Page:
Image Credit: © 2015 Levenson et al

Researchers first trained the pigeons to spot abnormalities using a process called operant conditioning, in which the birds were rewarded with food only when they chose the right image between two histology slides. After only 15 days, the pigeons could easily identify which slides showed cancerous cells and which didn’t. 

To make sure the birds weren’t just memorizing the images, the researchers began using brand-new images that the pigeons had never seen before. The pigeons continued to ace the test, spotting breast cancer with 85 percent accuracy. And it only got better from there: When the researchers combined the results of four birds, the flock’s accuracy rate reached a mind-boggling 99 percent.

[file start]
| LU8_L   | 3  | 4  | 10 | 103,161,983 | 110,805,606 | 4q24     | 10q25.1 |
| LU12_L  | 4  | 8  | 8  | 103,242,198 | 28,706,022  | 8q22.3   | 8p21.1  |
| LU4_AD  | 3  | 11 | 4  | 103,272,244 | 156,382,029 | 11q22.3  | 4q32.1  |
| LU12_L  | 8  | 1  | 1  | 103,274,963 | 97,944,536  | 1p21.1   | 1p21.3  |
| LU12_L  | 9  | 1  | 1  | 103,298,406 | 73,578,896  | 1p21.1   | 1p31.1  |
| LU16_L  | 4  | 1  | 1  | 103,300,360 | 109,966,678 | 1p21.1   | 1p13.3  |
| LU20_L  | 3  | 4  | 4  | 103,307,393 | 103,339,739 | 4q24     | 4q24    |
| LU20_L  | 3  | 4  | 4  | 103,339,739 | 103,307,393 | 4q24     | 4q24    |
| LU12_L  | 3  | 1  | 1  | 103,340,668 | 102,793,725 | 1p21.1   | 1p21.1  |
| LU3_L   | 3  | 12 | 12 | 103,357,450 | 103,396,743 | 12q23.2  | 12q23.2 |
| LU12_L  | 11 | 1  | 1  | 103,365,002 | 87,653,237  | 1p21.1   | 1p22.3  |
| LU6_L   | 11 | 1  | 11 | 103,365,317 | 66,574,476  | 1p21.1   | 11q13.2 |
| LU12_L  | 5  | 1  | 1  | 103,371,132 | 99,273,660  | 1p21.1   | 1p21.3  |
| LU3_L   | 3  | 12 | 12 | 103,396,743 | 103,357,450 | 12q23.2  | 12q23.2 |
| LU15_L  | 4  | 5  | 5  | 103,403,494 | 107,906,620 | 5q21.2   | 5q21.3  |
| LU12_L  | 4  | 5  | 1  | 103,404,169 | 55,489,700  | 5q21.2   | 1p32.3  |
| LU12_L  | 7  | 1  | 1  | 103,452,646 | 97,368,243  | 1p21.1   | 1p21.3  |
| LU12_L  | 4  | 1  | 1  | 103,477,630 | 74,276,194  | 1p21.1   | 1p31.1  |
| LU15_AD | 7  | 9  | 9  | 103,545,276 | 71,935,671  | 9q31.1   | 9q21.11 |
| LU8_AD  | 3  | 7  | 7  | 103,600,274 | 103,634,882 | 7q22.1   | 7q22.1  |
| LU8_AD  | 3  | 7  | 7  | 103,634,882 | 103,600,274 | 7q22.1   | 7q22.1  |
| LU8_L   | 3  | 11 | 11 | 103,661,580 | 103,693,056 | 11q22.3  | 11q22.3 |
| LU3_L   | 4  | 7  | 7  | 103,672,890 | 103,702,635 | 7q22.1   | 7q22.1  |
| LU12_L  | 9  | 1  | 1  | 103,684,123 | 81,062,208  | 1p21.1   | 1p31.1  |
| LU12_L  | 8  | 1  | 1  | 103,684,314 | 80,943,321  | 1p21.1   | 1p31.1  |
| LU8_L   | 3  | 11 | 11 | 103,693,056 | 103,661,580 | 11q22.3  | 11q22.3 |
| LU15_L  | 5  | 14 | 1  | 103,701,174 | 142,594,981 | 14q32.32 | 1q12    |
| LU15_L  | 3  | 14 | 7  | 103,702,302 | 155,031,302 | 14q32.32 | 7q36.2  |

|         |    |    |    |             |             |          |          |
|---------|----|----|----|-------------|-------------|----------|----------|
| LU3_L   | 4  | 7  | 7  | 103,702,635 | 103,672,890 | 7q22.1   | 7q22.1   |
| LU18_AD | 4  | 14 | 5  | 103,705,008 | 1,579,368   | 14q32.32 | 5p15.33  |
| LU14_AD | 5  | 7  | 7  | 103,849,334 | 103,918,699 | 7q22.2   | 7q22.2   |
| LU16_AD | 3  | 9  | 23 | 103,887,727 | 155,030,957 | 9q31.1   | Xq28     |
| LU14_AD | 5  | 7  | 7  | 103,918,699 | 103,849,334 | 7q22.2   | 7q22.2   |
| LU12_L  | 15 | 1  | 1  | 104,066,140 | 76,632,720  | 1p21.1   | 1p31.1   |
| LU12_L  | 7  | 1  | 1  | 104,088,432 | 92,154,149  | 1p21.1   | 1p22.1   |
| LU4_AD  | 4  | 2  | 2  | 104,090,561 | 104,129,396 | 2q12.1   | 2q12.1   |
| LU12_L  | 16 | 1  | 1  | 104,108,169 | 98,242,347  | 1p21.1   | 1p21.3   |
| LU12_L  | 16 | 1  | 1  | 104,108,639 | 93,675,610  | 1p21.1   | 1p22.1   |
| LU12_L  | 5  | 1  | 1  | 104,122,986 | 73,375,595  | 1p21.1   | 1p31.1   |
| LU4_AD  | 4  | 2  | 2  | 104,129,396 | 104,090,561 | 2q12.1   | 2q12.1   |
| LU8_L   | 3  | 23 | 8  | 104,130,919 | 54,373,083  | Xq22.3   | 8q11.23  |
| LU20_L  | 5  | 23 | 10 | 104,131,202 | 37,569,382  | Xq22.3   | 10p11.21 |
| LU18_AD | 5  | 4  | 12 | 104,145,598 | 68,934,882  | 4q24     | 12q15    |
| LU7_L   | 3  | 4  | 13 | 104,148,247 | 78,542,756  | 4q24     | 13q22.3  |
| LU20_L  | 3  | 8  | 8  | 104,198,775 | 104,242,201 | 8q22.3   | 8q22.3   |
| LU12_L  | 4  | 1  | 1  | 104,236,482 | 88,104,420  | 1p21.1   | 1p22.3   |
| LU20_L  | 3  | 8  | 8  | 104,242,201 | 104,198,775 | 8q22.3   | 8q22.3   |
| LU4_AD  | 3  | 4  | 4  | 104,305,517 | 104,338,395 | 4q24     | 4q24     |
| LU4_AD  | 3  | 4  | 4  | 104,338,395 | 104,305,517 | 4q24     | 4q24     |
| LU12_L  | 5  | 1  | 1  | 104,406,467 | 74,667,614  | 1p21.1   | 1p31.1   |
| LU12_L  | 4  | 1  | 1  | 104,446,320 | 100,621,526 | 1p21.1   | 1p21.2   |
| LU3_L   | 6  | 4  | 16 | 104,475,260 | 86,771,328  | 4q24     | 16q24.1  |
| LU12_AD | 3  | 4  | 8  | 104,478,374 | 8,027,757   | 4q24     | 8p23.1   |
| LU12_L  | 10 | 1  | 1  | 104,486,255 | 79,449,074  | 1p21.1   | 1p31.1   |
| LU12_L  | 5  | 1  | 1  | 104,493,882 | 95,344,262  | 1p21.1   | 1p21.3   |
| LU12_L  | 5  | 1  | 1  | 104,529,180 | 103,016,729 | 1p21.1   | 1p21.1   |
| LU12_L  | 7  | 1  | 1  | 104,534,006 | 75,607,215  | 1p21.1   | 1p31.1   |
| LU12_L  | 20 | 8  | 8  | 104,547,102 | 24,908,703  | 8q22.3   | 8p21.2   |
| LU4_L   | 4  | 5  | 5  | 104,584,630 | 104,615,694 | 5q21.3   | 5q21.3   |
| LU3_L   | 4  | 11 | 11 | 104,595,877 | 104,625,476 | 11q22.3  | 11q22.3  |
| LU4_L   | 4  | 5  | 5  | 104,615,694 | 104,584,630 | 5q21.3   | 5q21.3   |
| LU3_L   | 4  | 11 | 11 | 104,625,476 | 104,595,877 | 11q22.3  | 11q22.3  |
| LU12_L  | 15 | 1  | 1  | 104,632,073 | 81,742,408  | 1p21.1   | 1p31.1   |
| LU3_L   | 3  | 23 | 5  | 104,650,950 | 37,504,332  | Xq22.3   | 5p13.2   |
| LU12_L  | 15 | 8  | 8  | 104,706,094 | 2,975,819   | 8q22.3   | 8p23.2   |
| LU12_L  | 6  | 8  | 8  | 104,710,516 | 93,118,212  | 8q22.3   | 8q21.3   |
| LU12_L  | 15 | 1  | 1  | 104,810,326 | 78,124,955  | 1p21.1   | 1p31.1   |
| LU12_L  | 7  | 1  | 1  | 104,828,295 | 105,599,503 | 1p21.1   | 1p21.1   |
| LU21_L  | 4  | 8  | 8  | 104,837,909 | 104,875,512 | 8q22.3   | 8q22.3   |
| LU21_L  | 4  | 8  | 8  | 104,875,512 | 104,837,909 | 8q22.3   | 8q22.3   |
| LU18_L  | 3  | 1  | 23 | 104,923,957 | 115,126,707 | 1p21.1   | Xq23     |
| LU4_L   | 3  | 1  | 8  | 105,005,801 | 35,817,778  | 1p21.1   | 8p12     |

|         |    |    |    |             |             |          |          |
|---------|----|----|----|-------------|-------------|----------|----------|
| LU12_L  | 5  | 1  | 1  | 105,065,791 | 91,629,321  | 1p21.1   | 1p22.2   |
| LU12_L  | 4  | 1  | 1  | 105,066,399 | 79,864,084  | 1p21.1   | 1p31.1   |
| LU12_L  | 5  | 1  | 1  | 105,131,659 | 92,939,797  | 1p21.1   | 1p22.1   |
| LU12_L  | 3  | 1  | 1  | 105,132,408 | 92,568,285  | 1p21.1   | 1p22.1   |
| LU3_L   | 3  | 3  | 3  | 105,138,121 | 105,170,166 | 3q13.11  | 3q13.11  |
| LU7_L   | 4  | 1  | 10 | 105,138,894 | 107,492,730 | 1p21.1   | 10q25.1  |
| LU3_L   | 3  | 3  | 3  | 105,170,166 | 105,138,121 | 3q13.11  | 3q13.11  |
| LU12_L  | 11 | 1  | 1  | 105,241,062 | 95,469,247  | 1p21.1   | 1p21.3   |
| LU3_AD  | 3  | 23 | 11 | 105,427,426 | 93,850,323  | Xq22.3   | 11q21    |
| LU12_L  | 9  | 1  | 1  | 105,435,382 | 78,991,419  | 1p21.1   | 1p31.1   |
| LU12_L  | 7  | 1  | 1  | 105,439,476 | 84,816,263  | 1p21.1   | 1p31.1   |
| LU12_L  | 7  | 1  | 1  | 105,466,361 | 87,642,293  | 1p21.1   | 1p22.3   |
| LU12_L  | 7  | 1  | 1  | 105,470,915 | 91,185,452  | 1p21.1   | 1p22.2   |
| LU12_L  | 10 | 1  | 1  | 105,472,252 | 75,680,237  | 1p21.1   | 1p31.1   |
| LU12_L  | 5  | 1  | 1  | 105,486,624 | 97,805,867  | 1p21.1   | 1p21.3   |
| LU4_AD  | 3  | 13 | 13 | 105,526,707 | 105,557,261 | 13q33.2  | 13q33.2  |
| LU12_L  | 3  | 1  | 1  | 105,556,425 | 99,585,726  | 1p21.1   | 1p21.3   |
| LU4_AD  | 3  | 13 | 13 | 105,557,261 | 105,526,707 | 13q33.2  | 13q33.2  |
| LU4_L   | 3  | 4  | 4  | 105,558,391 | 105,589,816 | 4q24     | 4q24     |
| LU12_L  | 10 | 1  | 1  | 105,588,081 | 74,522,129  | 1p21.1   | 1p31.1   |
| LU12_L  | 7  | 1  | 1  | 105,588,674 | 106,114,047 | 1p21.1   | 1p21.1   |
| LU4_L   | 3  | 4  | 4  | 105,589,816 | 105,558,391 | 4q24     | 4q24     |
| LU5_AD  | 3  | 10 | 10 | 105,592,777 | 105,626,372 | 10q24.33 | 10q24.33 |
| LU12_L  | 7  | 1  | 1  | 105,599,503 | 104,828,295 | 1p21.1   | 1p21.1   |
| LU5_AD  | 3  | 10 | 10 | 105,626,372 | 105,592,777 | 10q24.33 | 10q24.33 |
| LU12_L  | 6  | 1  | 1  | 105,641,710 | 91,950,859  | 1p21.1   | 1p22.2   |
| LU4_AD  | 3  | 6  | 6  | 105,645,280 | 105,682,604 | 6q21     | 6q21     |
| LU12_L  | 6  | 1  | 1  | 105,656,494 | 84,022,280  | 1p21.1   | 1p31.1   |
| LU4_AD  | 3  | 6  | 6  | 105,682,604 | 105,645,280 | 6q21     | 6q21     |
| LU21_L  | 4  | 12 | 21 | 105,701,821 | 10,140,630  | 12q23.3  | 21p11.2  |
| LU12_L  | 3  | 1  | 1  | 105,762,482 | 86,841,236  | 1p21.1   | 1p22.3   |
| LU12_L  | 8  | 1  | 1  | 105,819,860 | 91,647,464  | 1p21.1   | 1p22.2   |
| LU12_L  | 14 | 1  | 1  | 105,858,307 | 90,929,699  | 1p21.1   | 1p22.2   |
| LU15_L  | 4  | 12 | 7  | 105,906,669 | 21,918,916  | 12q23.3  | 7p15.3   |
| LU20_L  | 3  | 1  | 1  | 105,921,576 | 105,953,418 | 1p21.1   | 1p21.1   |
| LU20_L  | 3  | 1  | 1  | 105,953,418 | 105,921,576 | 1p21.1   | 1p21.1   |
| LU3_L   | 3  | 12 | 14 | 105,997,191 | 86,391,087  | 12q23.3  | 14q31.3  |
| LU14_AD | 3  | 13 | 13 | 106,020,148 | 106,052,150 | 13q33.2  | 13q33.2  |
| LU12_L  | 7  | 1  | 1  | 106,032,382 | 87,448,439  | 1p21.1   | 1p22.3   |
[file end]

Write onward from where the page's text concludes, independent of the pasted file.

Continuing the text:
The pigeons also learned to scan mammogram results for evidence of cancer in little lumps of calcium called microcalcifications. Again, the pigeons nailed it. Their success rate was lower this time, only 72 percent—but that still puts them on par with human radiologists.

Does this mean we’ll soon have white-coated pigeons in our hospitals? Not exactly. Wasserman and Levenson hope to use the birds’ talent for reading medical images to develop better imaging and image-reading techniques. Pigeons won’t replace radiologists in the clinic, but they may pick up some of the grunt work. 

“While new technologies are constantly being designed to enhance image acquisition, processing, and display, these potential advances need to be validated using trained observers to monitor quality and reliability," Levenson said in the press release. "This is a difficult, time-consuming, and expensive process that requires the recruitment of clinicians as subjects for these relatively mundane tasks.